Non-Recyclable Soft Plastics: What Can’t be Recycled?

Recycling is a crucial step towards reducing plastic waste and preserving our environment. However, not all types of plastics can be recycled, especially when it comes to soft plastics. Soft plastics are commonly used for packaging and can often be found in our daily lives, but unfortunately, many of them cannot be recycled.

Soft plastics are known for their flexibility and stretchability, which makes them useful for wrapping products or creating bags and films. They are typically made from low-density polyethylene (LDPE), which is a type of plastic that can be easily stretched and molded. However, LDPE is not always accepted by recycling facilities due to its properties and the challenges it poses during the recycling process.

One example of a soft plastic that cannot be recycled is plastic film or plastic wrap. This includes items such as cling film, plastic bags used for groceries or packaging, and bubble wrap. These types of soft plastics cannot be recycled because they tend to clog recycling machines, making the process difficult and inefficient. Additionally, their thin and stretchy nature makes it challenging to sort and separate them from other recyclable materials.

Another common soft plastic that cannot be recycled is food wrappers or pouches. These include items such as chip bags, candy wrappers, and single-serve food pouches. Food wrappers often have multiple layers of different materials, such as plastic, foil, and paper, which makes them difficult to separate and recycle. Additionally, these types of soft plastics can be contaminated with food residue, making them unsuitable for recycling.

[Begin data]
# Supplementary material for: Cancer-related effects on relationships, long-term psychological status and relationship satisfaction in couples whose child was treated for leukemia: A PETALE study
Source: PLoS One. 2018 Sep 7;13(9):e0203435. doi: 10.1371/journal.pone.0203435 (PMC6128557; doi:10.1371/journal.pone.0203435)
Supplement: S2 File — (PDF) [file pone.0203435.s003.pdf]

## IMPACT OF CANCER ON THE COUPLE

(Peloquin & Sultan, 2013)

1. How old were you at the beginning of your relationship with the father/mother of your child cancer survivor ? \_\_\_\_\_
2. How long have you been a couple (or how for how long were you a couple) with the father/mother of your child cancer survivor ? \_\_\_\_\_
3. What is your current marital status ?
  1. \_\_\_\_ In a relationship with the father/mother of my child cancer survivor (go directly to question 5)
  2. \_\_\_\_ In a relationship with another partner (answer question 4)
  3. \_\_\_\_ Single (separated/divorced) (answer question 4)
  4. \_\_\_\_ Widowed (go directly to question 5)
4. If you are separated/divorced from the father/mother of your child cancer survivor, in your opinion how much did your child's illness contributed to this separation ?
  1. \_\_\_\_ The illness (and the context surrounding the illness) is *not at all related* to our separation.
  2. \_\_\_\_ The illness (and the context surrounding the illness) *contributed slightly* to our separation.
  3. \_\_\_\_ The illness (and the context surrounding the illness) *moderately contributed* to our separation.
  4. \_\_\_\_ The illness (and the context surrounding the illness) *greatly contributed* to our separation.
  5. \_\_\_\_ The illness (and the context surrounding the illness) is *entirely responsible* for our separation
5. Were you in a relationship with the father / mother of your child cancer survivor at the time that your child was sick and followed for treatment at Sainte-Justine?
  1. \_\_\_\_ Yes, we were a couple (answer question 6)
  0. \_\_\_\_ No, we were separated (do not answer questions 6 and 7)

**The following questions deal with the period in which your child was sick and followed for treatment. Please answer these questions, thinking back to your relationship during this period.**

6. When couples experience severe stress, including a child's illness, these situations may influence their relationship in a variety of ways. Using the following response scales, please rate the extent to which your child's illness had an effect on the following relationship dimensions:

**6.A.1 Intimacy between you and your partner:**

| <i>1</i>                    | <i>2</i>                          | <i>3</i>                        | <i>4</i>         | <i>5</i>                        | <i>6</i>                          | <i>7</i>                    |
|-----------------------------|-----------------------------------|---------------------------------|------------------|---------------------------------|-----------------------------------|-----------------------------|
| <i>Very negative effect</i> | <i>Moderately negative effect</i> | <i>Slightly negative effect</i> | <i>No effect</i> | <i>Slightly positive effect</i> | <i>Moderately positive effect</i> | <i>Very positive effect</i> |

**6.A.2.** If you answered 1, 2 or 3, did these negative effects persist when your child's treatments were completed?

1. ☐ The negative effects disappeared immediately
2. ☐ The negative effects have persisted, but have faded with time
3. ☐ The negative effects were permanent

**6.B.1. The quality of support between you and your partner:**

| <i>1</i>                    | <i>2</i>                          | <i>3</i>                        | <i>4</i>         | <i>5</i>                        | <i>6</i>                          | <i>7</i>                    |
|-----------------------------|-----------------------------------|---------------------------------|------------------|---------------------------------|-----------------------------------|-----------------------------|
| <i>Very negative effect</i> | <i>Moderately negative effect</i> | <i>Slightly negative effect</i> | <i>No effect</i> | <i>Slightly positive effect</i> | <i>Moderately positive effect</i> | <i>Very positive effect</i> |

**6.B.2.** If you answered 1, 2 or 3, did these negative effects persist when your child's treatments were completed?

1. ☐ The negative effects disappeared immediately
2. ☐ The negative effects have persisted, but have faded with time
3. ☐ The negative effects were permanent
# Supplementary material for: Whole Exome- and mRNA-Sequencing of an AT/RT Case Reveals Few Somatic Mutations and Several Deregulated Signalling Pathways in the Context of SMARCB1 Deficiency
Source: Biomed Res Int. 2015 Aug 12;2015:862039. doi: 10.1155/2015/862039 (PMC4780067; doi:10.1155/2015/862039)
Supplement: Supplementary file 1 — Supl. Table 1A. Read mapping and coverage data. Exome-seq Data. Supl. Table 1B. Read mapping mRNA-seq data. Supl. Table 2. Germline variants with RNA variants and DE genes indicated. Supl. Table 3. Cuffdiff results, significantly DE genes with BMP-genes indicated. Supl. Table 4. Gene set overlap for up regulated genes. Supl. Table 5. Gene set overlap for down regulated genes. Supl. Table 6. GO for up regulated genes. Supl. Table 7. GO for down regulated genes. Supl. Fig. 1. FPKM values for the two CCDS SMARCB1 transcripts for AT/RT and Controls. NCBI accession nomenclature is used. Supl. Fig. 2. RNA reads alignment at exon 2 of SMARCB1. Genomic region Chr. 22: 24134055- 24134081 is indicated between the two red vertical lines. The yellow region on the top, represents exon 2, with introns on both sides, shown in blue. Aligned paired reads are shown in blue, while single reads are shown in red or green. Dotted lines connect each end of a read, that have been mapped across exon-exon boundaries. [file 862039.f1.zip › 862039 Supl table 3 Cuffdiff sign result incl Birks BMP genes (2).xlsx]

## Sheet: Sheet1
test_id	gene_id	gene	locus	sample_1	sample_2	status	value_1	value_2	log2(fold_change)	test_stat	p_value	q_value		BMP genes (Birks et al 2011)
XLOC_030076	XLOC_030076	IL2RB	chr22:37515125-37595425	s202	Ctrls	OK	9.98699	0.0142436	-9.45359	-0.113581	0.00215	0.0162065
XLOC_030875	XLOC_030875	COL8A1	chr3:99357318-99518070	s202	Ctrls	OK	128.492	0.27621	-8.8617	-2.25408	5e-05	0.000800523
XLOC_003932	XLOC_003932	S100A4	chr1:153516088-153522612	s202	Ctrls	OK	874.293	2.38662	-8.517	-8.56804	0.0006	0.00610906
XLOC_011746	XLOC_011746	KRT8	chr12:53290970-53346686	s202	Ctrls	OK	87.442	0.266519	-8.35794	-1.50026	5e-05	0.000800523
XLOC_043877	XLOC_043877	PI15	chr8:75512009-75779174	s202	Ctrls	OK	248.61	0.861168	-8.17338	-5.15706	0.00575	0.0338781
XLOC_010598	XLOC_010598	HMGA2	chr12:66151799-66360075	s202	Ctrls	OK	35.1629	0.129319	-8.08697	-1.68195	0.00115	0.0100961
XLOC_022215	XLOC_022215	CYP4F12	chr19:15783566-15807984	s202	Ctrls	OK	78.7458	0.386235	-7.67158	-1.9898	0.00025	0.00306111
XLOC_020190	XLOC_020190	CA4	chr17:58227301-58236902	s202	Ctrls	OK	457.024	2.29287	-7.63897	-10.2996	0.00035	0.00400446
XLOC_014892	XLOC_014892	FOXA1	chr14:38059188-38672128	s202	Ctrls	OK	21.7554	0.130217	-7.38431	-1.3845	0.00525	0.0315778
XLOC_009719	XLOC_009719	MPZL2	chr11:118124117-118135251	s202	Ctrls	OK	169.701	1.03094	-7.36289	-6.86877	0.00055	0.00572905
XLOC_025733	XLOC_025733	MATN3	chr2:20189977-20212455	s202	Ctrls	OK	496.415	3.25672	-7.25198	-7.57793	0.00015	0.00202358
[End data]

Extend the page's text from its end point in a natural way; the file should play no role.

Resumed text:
It is important to note that while these soft plastics cannot be recycled through curbside programs, there are alternative ways to dispose of them responsibly. Some grocery stores and supermarkets have collection bins specifically for soft plastics, so you can drop off your plastic bags and film for proper disposal. Additionally, you can minimize the use of soft plastics by choosing reusable alternatives, such as cloth bags or beeswax wraps, whenever possible. By being mindful of the types of soft plastics that cannot be recycled and taking steps to reduce their usage, we can all contribute to a more sustainable future.

Single-use plastic bags

Single-use plastic bags

Single-use plastic bags are a common type of soft plastic that cannot be recycled in most recycling facilities. These bags are typically made from a type of plastic called low-density polyethylene (LDPE), which is not easily recyclable due to its low melting point and lack of market demand for the recycled material.

When single-use plastic bags are sent to recycling facilities, they often get tangled in the machinery and cause operational issues. Additionally, the thin and lightweight nature of these bags makes them difficult to sort and process effectively. As a result, many recycling programs do not accept single-use plastic bags and encourage consumers to use reusable bags instead.

To reduce the environmental impact of single-use plastic bags, some municipalities and countries have implemented bans or fees on their distribution. This has led to an increase in the use of reusable bags, which are more sustainable and can be made from materials such as cotton or durable plastics that are accepted for recycling.

Alternative options to single-use plastic bags

There are several alternatives to single-use plastic bags that are more environmentally friendly. Some of these options include:

  1. Reusable cloth bags made from natural fibers such as cotton or jute